Blade Runner ★★★★½

I've been meaning to re-watch Blade Runner for a long time, and since I've recently re-read Do Androids Dream of Electric Sheep I thought it was as good a time as ever. To be honest, for some reason I feared that I wouldn't appreciate it as much anymore as I did in the past, which mainly comes down to how simple it really is. However, I still loved it, and probably even more so than in the past.

The story is set in an alternative future (actually it's set in 2019, but never-mind), one that looks so dark and inhospitable that you cannot but think of it as a dystopia. While it is not as much elaborated as in the book, we do know that a large proportion of the human population left to settle on Mars. As is explained on electronic blackboards, on Mars you will be greeted with a very human-like android (or "replicant") who is to serve you. However, there has been a slave uprising and some of the replicants manage to come to Earth, there posing as "normal" human beings. Therefore, the state (or whoever is in charge) institutionalized bounty-hunters, so-called "Blade Runners", to identify and kill the escaped replicants using official authority and elaborate psychological techniques.

While this might sound as a somewhat complex set-up, the story itself is incredibly simple. Former Blade Runner Rick Deckard (played by Harrison Ford) is retrieved from retirement to hunt down six replicants who are particularly dangerous, due to being of a more advanced (meaning more human-like) type than the models that had previously been on the market. Spoiler-alert: so he does, end of movie.

You might argue that there are more facets to the plot. One plot-thread is particularly widely discussed when it comes to this movie. I was determined to pay more attention to the famous 'Is Deckard himself a replicant?'-issue, but in all honesty, I still think it's hardly in there. Unlike in the book, where the replicants try to live normal lives, in the adaptation there is also the sub-plot of them trying to extend their four-year life. There is also the beginning of a relationship between Deckard and one of the replicants (called Rachel) he's supposed to hunt down, but it's pretty much that: the beginning of a relationship.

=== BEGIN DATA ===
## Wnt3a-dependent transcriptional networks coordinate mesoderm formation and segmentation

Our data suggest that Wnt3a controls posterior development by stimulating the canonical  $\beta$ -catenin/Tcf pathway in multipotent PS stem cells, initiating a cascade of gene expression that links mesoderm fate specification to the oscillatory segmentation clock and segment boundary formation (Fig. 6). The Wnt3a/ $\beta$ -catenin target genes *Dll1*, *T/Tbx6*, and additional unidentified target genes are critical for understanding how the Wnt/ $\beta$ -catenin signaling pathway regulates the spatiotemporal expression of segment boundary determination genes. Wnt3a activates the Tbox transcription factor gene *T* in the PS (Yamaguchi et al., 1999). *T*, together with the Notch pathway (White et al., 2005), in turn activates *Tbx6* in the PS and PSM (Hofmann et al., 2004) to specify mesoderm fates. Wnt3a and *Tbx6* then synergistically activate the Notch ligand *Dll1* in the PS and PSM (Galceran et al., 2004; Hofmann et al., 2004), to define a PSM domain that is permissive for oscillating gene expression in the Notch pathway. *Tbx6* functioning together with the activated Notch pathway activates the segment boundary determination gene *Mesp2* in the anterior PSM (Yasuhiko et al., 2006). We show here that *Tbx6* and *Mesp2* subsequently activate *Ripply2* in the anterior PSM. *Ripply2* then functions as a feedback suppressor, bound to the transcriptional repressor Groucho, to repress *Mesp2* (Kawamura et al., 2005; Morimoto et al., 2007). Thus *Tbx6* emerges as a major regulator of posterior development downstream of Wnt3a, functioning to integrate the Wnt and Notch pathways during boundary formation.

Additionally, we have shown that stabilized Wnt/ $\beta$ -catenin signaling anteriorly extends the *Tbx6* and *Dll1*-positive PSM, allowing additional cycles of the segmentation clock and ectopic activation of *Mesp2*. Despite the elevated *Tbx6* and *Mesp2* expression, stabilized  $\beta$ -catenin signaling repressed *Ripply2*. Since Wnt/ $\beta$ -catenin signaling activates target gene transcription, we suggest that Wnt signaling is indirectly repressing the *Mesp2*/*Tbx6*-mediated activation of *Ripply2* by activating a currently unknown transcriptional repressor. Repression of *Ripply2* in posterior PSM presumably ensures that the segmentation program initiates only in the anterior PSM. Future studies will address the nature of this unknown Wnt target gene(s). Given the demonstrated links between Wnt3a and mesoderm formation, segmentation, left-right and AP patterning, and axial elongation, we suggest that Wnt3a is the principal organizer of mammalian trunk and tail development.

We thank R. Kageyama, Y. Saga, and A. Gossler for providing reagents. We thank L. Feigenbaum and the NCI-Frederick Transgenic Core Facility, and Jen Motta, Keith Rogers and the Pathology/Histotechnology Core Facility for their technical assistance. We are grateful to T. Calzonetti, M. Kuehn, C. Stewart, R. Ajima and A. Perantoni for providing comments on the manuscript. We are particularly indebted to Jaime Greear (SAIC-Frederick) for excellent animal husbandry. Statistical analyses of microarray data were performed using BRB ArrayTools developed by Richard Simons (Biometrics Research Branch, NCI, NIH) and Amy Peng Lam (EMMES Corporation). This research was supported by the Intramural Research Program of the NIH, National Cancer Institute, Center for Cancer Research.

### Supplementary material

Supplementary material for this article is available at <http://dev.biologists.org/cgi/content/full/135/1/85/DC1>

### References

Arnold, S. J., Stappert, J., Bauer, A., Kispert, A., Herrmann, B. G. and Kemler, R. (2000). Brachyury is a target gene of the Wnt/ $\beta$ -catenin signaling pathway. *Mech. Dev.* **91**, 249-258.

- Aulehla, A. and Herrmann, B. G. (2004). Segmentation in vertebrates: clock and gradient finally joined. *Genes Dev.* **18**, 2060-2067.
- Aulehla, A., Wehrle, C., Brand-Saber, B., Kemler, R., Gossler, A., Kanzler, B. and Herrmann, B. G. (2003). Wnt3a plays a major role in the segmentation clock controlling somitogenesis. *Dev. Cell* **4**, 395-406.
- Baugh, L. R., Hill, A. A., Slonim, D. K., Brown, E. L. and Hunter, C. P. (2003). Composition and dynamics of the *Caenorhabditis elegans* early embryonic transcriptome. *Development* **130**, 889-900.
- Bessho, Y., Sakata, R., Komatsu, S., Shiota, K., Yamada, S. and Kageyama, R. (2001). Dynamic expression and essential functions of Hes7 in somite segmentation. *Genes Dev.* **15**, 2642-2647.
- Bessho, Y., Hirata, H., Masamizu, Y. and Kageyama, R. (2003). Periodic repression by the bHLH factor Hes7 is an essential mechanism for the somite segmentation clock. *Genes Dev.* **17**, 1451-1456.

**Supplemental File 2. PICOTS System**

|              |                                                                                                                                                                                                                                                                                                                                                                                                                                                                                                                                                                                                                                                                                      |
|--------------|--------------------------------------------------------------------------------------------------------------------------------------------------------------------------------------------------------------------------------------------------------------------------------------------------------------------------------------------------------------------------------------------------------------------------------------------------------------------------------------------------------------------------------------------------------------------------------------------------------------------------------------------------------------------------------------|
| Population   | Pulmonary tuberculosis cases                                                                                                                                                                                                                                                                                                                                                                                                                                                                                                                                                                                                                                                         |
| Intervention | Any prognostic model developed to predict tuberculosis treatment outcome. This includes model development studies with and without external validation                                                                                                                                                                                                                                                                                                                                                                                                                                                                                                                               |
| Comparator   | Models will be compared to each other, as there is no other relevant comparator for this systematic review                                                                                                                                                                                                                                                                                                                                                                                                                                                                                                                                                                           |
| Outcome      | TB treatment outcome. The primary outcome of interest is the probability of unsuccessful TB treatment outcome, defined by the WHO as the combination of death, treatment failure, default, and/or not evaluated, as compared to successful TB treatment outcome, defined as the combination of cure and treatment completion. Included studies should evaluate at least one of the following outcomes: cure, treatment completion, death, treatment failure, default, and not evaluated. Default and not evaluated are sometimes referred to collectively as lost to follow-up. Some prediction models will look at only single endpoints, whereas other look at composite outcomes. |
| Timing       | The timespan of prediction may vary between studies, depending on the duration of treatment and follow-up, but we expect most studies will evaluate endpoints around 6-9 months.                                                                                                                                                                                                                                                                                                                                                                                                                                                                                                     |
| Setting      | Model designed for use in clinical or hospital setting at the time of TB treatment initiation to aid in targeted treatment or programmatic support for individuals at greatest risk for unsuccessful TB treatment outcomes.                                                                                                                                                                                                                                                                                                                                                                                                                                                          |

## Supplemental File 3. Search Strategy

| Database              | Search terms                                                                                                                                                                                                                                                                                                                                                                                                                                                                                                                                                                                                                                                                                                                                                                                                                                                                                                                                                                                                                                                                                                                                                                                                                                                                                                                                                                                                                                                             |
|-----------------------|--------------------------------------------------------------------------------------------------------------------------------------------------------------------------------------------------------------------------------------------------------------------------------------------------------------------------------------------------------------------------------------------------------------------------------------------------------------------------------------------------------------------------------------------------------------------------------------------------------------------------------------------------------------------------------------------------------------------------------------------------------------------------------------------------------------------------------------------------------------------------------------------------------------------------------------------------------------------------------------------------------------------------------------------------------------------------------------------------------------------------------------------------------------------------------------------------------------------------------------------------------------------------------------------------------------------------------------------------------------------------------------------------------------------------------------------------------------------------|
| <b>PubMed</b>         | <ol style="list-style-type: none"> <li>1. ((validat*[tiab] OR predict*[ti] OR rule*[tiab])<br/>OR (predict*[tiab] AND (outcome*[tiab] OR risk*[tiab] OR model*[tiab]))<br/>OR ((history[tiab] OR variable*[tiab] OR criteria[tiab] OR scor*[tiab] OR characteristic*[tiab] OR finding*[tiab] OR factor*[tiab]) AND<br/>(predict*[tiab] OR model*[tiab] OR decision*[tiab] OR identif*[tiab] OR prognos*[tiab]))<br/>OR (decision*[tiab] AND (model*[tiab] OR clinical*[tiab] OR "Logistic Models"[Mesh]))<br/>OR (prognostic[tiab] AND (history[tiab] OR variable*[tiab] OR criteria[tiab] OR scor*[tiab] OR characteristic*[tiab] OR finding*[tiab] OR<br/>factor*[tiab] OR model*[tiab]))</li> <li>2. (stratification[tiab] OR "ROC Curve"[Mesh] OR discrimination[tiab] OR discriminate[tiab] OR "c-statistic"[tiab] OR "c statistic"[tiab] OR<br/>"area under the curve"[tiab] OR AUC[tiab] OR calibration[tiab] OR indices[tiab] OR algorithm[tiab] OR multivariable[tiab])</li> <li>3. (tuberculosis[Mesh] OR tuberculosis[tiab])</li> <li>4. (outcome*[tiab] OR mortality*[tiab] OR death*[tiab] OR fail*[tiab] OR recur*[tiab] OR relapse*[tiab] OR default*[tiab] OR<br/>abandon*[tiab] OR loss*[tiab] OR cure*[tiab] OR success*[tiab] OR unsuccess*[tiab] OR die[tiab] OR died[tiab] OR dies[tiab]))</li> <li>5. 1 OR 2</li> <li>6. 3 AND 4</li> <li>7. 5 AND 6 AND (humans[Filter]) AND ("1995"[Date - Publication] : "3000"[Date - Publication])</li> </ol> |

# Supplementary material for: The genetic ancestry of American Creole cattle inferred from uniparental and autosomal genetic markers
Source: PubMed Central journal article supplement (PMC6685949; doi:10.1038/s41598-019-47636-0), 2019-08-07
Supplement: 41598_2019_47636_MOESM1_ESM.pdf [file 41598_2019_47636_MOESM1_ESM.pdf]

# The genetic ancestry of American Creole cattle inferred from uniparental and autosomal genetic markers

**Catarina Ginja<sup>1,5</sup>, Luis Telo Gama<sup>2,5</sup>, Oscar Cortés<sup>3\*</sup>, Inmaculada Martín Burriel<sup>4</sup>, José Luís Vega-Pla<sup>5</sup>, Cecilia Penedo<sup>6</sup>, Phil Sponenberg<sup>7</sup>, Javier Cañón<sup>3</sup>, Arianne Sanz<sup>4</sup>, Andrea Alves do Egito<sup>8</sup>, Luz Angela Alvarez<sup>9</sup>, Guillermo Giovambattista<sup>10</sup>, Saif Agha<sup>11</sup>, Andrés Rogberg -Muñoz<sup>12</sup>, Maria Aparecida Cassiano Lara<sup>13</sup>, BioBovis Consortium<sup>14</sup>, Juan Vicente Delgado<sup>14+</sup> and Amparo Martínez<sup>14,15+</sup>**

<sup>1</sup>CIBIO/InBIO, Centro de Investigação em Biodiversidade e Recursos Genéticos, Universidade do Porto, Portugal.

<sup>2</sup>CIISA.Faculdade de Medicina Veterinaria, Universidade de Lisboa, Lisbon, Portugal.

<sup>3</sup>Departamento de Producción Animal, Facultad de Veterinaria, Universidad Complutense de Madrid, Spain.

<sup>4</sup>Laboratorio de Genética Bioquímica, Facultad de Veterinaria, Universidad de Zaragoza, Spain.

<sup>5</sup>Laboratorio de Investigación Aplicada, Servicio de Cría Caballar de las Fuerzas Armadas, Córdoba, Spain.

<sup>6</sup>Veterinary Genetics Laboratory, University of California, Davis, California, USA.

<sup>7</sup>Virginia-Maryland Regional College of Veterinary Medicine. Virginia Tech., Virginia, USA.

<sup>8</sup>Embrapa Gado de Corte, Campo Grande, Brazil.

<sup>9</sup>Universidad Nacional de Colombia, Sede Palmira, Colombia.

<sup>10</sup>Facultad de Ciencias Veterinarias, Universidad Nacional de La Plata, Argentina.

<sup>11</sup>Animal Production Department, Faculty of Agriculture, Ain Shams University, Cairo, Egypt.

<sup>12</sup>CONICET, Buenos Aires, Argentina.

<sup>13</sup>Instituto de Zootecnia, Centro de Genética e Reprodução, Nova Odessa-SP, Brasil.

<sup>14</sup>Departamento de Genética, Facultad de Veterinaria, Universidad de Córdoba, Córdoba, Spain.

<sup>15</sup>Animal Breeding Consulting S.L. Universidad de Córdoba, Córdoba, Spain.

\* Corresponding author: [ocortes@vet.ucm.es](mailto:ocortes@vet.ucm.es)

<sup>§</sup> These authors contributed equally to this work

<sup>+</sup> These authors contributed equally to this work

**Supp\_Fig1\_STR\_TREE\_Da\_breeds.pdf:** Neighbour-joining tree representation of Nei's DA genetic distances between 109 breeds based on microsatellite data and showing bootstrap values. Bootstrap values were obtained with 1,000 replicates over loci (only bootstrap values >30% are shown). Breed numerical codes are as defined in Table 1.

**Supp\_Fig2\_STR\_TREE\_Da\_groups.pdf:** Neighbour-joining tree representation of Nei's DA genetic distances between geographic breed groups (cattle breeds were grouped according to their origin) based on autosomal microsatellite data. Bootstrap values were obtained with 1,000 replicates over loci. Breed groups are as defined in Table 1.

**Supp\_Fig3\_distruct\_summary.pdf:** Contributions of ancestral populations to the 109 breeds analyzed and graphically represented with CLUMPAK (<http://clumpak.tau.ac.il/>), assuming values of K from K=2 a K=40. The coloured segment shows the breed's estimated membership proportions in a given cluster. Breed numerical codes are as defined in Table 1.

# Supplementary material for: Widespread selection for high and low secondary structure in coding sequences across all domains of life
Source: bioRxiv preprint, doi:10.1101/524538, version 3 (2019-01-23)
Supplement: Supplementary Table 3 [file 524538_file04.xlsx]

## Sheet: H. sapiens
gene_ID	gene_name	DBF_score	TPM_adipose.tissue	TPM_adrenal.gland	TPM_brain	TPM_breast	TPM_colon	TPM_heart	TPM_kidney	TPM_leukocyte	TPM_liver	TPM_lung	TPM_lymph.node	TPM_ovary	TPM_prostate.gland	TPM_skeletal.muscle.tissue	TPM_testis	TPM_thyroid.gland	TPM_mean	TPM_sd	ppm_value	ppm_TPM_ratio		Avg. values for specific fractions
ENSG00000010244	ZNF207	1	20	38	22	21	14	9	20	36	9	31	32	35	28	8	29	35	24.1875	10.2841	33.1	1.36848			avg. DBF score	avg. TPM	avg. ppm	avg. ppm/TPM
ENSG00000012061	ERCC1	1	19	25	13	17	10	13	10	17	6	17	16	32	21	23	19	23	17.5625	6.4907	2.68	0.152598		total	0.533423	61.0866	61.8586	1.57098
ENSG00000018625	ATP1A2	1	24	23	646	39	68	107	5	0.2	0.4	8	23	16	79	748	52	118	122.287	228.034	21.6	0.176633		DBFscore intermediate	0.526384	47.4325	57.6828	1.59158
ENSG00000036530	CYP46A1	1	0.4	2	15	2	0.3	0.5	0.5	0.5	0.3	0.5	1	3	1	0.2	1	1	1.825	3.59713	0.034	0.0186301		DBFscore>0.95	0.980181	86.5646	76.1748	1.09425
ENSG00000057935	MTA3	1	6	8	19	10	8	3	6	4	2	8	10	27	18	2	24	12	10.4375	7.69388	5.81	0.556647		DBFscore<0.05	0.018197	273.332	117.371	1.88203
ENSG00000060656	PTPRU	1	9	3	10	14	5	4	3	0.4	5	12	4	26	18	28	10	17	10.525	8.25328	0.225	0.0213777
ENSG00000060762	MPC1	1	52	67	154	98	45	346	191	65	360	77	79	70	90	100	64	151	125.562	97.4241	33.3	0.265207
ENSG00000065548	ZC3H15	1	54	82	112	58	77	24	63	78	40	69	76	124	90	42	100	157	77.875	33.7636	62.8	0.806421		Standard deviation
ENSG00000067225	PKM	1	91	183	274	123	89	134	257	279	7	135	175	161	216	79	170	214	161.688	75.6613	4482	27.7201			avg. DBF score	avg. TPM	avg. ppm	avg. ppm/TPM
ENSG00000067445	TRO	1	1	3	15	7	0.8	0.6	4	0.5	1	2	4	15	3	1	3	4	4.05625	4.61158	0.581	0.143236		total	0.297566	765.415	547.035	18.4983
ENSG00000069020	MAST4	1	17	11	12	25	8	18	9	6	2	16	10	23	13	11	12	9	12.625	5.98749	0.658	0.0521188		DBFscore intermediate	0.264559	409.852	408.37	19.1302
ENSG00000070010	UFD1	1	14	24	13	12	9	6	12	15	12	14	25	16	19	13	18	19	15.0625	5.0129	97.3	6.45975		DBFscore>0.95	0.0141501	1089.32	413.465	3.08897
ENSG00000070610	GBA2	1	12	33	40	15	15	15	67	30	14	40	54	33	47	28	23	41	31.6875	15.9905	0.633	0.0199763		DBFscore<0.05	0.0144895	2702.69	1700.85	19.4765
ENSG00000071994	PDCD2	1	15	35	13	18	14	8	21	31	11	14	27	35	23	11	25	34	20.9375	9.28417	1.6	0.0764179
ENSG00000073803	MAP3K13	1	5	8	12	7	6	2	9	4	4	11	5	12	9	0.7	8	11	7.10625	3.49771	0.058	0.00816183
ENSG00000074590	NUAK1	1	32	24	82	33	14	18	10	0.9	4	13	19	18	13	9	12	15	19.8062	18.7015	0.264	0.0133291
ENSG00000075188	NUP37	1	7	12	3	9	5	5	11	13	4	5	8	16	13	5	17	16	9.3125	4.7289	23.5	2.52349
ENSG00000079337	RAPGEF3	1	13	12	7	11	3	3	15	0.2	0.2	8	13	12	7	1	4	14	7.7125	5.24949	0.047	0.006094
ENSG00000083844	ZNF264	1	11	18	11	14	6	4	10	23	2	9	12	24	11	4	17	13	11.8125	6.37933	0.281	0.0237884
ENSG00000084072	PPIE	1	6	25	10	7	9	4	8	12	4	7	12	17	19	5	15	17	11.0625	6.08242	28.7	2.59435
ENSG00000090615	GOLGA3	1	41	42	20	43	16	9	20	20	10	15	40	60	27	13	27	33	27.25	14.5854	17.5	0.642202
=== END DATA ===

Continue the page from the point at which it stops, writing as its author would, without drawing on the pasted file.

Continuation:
All this being said, I would still argue that it's almost a perfect sci-fi experience. In every single scene you feel like you are having only small glimpses into a world that is so very much different from our own, yet remains to be a possible future. Those painstakingly detailed and amazingly beautiful set-pieces, connected to our world via familiar advertisement, still make you watch in awe even 40 years later. Moreover, the movie makes great use of its 50's jazz-soundtrack to invoke the film noir feeling of the time.

When Blu-ray first came out I remember myself being rather skeptical, saying things along the line of "Pff, who needs this, DVD looks fine to me... in fact, some movies (like 'Blade Runner') probably looked more authentic on VHS!". Funny how sometimes you realize what a deluded idiot you really are. I never enjoyed this movie as much as on this first Blu-ray watch, making it possible to really appreciate its every detail.

If above I said Blade Runner was an almost a perfect sci-fi experience, I was really nitpicking. Deckard sure is a cool protagonist, with Harrison Ford lending him his characteristic charm, but you cannot but admit that he's a bit shallow (especially when compared to the depth of the version in the book). I also think that I would have loved it even more if there had been a bit more real detective work (and maybe a bit more to his relationship with Rachel). But all this won't carry much weight when the experience you get is this unique, especially when this hilariously disturbed antagonist really gets going towards the climax.

Also, how cool is the scene when he analysis the photo as if it was a representation in three dimensions?

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